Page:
It’s worth asking at this point whether Deafheaven is still a metal band. In the beginning, this wasn’t up for debate, their debut album Roads to Judah a heavily shoegaze-inspired black metal album, but a black metal album nonetheless. Over time, the California band gradually found ways to bend their brand of black metal into shapes that sometimes most often resembled dream pop or indie rock, or even a curiously gorgeous interpretation of screamo. That, coupled with the bright pink artwork of 2013′s Sunbather, led to some intense polarized opinions early on, though if anything, 2015′s New Bermuda offered an even more compelling challenge. The band’s prettier, more delicate sensibilities remained and further evolved, including an outro that curiously resembled “Champagne Supernova,” while they doubled down on the heaviness in parts, even going so far as to add a thrash-metal nod in “Luna.” As little in the way of middle ground as there might have been on opinions about them by their third album, what wasn’t arguable was that metal remained at the band’s core.
Ordinary Corrupt Human Love changes that. As their audience has grown considerably and expanded well beyond niche metal circles, Deafheaven have embraced the non-metal, from an increasingly prominent use of piano to frontman George Clarke making a campy guest appearance in a White Lung video. Still, there’s a bit of a shock to hear the uninterrupted beauty of album opener “You Without End,” a seven-minute lullaby driven by dream-pop guitars, piano and a distorted narration from actress Nadia Kury. Halfway through the track, Clarke eventually breaks the delicate facade with his goblin screech, but the gentleness and grace remains, eventually achieving a climax worthy of Queen or late-period Beatles. Outside of the grandeur and the screams, there’s nothing metal at all about it.
“You Without End” doesn’t tell the whole story of Ordinary Corrupt Human Love, but it’s the boldest and most uncompromising start to any of their albums. Those who haven’t warmed up to them yet likely aren’t going to now, and Deafheaven don’t appear to be in the business of giving a shit at this point. Nor should they—Ordinary Corrupt Human Love is by no means the most cohesive or definitive Deafheaven album, but its highs absolutely soar, and every moment of unapologetic, over-the-top art-rock pomp and stylistic skewering is earned. Everything that existed on previous Deafheaven albums is here, but with the ratios radically adjusted. So where an album like Sunbather might have balanced their visceral power with just enough Slowdive and Slint to give it a more affecting, human approach, Ordinary Corrupt Human Love finds them going all-in on whatever tickles their fancy, from a pure dream-pop ballad on “Near” (complete with actual melodic singing) to a heavier brand of ’90s alt-rock and grunge on “Glint.” It’d be absurd if they didn’t make it all sound as good as it does.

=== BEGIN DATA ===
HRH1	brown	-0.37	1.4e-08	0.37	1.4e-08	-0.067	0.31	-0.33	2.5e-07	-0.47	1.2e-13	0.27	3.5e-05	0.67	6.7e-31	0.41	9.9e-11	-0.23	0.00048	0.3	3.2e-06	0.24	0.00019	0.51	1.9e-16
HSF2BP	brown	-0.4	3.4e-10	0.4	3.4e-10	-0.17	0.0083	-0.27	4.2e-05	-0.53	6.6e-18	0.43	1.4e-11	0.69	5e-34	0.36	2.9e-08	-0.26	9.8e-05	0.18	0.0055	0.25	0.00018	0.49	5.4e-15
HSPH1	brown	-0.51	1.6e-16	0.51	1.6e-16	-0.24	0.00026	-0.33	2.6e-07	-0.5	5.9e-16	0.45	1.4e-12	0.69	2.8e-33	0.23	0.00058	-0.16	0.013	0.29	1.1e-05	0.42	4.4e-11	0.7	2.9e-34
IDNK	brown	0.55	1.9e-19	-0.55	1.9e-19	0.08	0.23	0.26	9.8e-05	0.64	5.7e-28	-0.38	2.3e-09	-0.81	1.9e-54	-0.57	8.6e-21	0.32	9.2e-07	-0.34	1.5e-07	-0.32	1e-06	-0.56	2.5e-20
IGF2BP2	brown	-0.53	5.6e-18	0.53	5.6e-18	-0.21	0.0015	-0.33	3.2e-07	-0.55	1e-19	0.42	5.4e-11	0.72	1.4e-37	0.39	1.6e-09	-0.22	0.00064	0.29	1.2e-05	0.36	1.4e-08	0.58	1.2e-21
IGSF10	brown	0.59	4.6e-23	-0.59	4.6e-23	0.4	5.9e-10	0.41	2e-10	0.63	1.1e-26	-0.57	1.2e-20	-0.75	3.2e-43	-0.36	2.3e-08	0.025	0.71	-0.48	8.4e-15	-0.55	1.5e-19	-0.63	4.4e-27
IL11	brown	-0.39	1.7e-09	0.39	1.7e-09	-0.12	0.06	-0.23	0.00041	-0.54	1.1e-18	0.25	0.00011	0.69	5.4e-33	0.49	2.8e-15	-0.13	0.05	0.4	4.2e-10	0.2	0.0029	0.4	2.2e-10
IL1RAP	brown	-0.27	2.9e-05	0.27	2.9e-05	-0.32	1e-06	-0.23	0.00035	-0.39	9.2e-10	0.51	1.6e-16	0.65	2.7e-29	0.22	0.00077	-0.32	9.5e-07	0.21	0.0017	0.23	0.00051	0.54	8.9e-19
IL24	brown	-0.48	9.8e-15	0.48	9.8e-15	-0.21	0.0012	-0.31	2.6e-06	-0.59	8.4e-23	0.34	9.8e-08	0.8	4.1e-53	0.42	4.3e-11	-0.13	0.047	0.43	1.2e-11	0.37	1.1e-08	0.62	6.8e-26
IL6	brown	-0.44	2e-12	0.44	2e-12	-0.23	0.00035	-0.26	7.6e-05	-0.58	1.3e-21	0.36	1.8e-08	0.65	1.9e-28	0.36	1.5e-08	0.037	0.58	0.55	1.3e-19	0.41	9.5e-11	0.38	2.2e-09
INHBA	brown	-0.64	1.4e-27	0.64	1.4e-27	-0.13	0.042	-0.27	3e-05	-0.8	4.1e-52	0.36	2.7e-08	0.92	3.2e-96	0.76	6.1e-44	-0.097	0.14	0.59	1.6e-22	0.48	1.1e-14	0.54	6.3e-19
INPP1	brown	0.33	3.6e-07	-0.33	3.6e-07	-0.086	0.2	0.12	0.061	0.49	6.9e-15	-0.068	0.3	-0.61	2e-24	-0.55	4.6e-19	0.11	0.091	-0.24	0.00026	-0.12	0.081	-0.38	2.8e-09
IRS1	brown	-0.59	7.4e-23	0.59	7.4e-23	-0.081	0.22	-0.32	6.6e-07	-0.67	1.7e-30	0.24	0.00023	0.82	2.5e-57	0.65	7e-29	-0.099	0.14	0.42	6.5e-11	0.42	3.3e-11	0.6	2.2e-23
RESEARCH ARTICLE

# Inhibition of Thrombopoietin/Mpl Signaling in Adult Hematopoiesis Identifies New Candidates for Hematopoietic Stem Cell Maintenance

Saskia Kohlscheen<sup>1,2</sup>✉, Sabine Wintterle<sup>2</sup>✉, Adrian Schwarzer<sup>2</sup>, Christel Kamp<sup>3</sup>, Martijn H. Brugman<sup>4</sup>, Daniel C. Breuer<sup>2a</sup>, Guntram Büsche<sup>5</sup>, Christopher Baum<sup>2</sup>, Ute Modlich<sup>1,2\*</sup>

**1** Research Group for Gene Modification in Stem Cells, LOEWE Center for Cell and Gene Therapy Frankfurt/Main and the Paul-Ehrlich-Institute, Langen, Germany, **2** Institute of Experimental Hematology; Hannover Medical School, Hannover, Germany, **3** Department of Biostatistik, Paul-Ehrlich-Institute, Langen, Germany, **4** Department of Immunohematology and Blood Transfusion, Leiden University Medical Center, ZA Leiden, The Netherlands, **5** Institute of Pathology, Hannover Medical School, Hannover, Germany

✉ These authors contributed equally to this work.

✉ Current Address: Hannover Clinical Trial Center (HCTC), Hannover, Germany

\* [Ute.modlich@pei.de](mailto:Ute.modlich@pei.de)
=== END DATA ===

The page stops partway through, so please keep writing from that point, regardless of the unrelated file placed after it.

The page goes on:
As far as Deafheaven might stray from a more explicit presentation of heaviness or abrasion, they still continue to flex their metal muscles in the most anthemic of ways. “Canary Yellow,” the album’s longest track at 12 gripping minutes, piledrives and sprints its way toward a group chant of “On and on and on we choke on an everlasting handsome night/My lover’s blood rushes right through me.” All the while, they find some fun detours through a haunting midsection that evolves into a series of righteous grunge riffs. The other three tracks that are longer than 10 minutes apiece carry a similarly awesome roar, from “Honeycomb” and its Siamese Dream balance of rock anthem and ethereal bliss to “Worthless Animal,” which makes the journey from goth-rock dirge to monster ballad. Only in the album’s more concise moments, like Clarke’s duet with Chelsea Wolfe on “Night People,” does Deafheaven let off the distortion entirely.
There’s a sense of freedom and limitlessness to Ordinary Corrupt Human Love, a feeling that however well-defined Deafheaven’s music once was, it’s no longer exclusively bound by those definitions. The poetry within Clarke’s growls even seem to suggest an embrace of a beautiful new frontier, declaring in “Honeycomb” that “Life beyond is a field of flowers.” At the end of “You Without End,” there’s an unabashed open-heartedness in its closing statement, “And then the world will grow/ And then the world will know of you, of all things love, of all things true.” There’s a bittersweetness about Clarke’s romanticism, just as on past albums when death and joy were often intertwined, just as the moments of sweetness and grace on their albums are frequently endpoints after periods of blistering harshness. The difference here is that Deafheaven is even more likely to let joy or mellifluous harmony stand alone, and there’s arguably nothing metal at all about that. Which doesn’t necessarily mean Deafheaven aren’t still metal, just that their definition of it continues to prove more fascinating and elusive the longer they play it.